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The Deans of Green

The Deans of Green

IBS 2010: Green Builder Donates 1,000 Homes to Haitians

comments (0) January 28th, 2010 in Blogs
FPR Fernando Pages Ruiz, contributor

A lightweight, fiber composite panel, InnoVida offers a whopping R-6.5 per inch, or R-26 in a 4-inch wall, practically R-40 in a 6-inch width. Click To Enlarge

A lightweight, fiber composite panel, InnoVida offers a whopping R-6.5 per inch, or R-26 in a 4-inch wall, practically R-40 in a 6-inch width.


When I learned that a new, building technology company, with its first ever display at IBS, was donating 1,000 homes to Haitians, I decided to go see their booth. A company big enough to make such a donation must have a huge display, so I looked for a big sign and a huge booth, but instead I triped across InnoVida almost by accident, occupying a tiny stand at the far corner of Central Hall, with a few project photos in a three ring binder, a dated video, and a few samples of their Fiber Composite panel samples strewn on a coffee table. But quickly I realized that, like an iceberg, the understated display hid a game changing technology and a company with the financial wherewithal to make a dent in the US housing industry.

In simple terms, InnoVida has taken proven boat and airplane construction technology and turned it into a structural homebuilding product that resembles traditional SIPS panels. Instead of OSB, the skin is made of fiberglass over a proprietary resin, sandwiching a polyurethane, high density foam core that boasts an R 6.5 per inch. In other words, a full depth 4-inch panel yields an R-26 exterior wall. Wow. An 8-inch vaulted ceiling panel comfortably provides an R-52. But this is only a side benefit when you consider both cost and ease of construction.

InnoVida claims their panels actually cost less on a square foot basis that SIPS. What’s more, once erected, the InnoVida panels do not require drywall, exterior cladding, or even roofing. These finishes can be applied, but only for esthetic reasons. Mario Sanchez, Vice President of Operations, says most users simply paint interior walls, sometimes applying a traditional exterior coating, such as stucco or siding, and decorative roof shingles. But none of this is necessary. The house is completely impermeable and weather-resistant as is. Erect the walls and roof, install windows and doors, lay down some flooring, and move in. They claim a completed 1,200 sf home goes up in about one week. And they have a video to prove it.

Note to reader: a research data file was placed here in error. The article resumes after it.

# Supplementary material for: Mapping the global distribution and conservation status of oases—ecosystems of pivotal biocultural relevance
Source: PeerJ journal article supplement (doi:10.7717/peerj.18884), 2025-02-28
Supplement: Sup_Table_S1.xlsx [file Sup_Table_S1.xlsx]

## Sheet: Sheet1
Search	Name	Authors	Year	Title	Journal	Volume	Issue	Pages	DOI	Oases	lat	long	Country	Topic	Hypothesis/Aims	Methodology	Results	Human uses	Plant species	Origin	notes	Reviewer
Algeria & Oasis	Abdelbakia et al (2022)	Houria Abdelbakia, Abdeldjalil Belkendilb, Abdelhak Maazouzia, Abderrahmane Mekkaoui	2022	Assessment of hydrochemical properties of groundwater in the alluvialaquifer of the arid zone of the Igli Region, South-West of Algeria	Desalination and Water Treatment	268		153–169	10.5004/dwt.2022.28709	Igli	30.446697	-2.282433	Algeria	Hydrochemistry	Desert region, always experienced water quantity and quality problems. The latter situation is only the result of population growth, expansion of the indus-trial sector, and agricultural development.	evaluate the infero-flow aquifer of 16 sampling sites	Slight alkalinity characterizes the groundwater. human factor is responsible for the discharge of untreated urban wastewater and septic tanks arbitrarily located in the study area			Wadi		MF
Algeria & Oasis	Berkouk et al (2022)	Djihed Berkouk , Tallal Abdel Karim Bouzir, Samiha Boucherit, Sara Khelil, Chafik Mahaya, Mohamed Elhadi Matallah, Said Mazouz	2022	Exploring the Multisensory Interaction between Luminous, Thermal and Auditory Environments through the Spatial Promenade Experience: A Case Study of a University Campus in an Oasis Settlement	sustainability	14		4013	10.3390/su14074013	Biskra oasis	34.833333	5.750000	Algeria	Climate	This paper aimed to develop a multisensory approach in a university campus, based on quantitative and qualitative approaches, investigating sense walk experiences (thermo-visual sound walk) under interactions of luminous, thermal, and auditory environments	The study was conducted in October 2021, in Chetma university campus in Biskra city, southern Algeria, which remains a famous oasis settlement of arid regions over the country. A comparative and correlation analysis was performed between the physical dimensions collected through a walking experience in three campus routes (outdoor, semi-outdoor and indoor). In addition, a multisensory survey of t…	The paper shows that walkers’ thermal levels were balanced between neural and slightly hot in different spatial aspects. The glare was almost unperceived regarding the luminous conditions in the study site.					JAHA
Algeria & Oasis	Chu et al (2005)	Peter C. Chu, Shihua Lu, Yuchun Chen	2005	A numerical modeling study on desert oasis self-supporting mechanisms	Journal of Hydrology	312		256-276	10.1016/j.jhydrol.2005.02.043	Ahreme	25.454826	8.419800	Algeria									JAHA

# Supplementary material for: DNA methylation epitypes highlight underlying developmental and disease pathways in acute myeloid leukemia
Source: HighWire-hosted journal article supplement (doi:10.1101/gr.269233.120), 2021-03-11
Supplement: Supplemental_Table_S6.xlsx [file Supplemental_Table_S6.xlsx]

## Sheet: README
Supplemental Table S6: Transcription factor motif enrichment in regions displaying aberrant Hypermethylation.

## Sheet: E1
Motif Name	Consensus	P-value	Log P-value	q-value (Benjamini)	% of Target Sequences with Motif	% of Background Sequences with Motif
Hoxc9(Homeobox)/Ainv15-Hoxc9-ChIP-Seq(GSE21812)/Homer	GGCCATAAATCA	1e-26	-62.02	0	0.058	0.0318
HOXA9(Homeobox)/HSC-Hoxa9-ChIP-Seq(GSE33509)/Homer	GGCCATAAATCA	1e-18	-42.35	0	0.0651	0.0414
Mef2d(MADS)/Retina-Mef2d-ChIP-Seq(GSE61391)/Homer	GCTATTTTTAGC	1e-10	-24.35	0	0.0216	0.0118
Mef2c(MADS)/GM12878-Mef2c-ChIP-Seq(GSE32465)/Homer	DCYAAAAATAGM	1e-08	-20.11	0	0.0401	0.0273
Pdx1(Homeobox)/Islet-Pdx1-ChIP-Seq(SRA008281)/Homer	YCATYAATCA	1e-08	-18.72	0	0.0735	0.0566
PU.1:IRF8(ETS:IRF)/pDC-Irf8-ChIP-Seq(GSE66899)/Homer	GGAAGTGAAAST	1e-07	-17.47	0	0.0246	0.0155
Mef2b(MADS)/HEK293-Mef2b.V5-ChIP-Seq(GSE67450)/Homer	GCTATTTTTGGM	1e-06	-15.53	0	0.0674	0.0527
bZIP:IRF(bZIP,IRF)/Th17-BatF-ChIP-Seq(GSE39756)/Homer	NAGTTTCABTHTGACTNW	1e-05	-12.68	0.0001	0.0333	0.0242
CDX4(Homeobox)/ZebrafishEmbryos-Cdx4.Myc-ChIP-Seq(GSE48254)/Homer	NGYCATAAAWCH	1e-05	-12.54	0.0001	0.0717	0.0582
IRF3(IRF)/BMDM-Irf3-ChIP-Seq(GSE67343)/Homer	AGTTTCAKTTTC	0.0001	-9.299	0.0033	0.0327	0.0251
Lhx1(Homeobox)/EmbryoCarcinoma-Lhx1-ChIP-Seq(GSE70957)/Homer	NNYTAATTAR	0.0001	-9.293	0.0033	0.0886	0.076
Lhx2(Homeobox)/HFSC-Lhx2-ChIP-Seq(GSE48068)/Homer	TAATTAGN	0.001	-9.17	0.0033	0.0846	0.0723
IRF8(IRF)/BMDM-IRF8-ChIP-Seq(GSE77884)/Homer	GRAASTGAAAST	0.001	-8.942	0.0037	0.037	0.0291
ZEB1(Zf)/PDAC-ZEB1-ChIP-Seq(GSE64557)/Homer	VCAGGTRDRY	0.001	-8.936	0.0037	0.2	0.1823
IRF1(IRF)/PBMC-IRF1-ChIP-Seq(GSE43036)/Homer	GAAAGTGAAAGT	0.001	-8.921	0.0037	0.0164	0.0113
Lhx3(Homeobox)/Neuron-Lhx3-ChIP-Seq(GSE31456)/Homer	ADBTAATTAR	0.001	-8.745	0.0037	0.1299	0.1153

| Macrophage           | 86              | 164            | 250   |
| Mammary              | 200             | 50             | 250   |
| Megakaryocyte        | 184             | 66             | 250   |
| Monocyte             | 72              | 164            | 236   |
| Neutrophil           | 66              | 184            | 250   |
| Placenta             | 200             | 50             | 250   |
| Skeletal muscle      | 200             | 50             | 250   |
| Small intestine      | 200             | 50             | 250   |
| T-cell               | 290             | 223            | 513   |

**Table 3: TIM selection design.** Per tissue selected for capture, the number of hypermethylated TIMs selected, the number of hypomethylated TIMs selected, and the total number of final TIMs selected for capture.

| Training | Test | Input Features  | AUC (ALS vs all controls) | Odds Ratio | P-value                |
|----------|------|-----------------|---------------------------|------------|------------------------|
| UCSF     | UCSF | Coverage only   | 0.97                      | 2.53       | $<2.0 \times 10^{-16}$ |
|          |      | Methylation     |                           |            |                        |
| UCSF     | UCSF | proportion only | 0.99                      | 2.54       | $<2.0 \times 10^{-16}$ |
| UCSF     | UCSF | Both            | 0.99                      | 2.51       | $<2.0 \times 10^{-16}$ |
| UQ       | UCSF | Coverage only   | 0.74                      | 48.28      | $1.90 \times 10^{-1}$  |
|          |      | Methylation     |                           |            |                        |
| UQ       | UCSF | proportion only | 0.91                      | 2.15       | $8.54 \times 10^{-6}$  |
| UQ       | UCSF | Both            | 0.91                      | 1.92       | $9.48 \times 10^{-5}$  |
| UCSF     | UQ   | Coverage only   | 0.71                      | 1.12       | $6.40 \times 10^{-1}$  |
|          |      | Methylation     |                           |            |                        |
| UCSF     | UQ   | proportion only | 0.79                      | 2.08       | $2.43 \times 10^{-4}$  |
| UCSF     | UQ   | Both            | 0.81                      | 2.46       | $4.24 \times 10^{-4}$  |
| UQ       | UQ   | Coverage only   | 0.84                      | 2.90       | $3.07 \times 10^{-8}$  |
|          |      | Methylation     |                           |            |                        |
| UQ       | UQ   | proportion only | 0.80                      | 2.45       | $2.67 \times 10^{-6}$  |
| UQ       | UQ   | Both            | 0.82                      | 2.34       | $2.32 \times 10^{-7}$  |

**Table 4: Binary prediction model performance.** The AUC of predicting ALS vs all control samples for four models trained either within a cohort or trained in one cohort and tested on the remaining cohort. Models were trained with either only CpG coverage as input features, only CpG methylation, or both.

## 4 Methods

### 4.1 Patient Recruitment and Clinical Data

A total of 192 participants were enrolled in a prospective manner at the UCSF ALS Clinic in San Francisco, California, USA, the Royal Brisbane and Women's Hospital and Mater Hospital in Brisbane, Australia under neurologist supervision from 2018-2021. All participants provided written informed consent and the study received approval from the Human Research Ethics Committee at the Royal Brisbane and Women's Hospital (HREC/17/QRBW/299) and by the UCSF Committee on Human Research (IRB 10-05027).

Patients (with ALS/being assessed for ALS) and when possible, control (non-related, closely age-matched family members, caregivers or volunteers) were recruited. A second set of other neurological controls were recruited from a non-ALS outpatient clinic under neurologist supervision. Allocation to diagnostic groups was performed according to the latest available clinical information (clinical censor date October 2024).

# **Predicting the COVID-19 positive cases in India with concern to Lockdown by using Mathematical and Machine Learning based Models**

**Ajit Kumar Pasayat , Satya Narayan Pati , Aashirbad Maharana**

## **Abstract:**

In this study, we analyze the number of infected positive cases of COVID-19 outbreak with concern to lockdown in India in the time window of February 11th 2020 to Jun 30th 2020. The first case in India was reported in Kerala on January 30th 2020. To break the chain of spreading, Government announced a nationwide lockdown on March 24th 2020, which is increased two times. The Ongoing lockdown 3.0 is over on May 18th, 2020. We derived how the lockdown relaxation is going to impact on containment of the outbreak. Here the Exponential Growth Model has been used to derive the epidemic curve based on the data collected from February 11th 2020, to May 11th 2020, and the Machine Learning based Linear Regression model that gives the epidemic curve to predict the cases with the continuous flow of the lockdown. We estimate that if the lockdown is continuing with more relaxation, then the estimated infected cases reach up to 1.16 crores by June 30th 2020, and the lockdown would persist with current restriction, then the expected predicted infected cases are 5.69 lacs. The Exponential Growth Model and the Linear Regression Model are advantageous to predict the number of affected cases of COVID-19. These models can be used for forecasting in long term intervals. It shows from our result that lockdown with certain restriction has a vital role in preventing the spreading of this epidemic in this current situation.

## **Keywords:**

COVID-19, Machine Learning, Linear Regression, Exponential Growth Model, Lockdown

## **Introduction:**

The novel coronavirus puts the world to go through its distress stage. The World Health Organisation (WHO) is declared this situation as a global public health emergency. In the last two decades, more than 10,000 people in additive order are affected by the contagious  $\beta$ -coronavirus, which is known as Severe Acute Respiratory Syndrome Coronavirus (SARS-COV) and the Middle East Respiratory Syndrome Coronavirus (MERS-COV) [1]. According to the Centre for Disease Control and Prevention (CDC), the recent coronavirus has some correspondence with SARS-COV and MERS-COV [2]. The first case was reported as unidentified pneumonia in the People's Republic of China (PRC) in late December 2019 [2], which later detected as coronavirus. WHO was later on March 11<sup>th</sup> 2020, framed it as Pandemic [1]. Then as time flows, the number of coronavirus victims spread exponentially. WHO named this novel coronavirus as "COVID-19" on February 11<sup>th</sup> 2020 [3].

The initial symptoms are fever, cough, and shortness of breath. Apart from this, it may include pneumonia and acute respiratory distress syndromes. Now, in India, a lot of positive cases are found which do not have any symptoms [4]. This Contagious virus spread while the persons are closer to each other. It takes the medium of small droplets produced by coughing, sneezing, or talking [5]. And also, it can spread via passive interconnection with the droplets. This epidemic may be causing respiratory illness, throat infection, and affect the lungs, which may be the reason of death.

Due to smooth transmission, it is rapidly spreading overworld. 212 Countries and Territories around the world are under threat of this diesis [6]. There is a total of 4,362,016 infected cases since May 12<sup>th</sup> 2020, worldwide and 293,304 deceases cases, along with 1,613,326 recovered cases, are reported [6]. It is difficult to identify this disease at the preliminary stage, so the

Another advantage to competing building panel systems comes with the light weight of InnoVida fiberglass. Unlike OSB or drywall SIPS, InnoVida panels can be handled by two semiskilled laborers without a crane, forklift, or other heavy equipment. Unlike ICFs that require assembly and then concrete fill, it’s a single-step process. Each time a panel goes up, that part of the building is done. Except, of course, the wiring, plumbing and ductwork. Oh well.

The green benefits are less clearly defined, but they include the obvious high energy efficiency of a sealed home assembly built with super-insulated panels. The company claims little or no jobsite waste. The ability to recycle any unused product.  But questions of recycled content within the product -- a natural for a fiberglass panel -- and the inclusion of any bio-based polyurethane in their foam core have not been answered yet. When the replies come, if noteworthy, the thing about a blog is I can edit and update, so check back.      

Including architect/planner Andres Duany on board for the Haiti project, and a model home of his design at their manufacturing plant in Miami Beach, was an ingenious way to assure InnoVida gets noticed at the highest levels of the development and construction industry. You can be sure this innovative product will catch the attention of architects and planners nationwide. So look for InnoVida to pop up at a new subdivision in your backyard… as soon as the subdivision phenomenon returns.

 



posted in: Blogs, business, architecture, green building, framing, insulation, , walls, lumber, haiti, innovida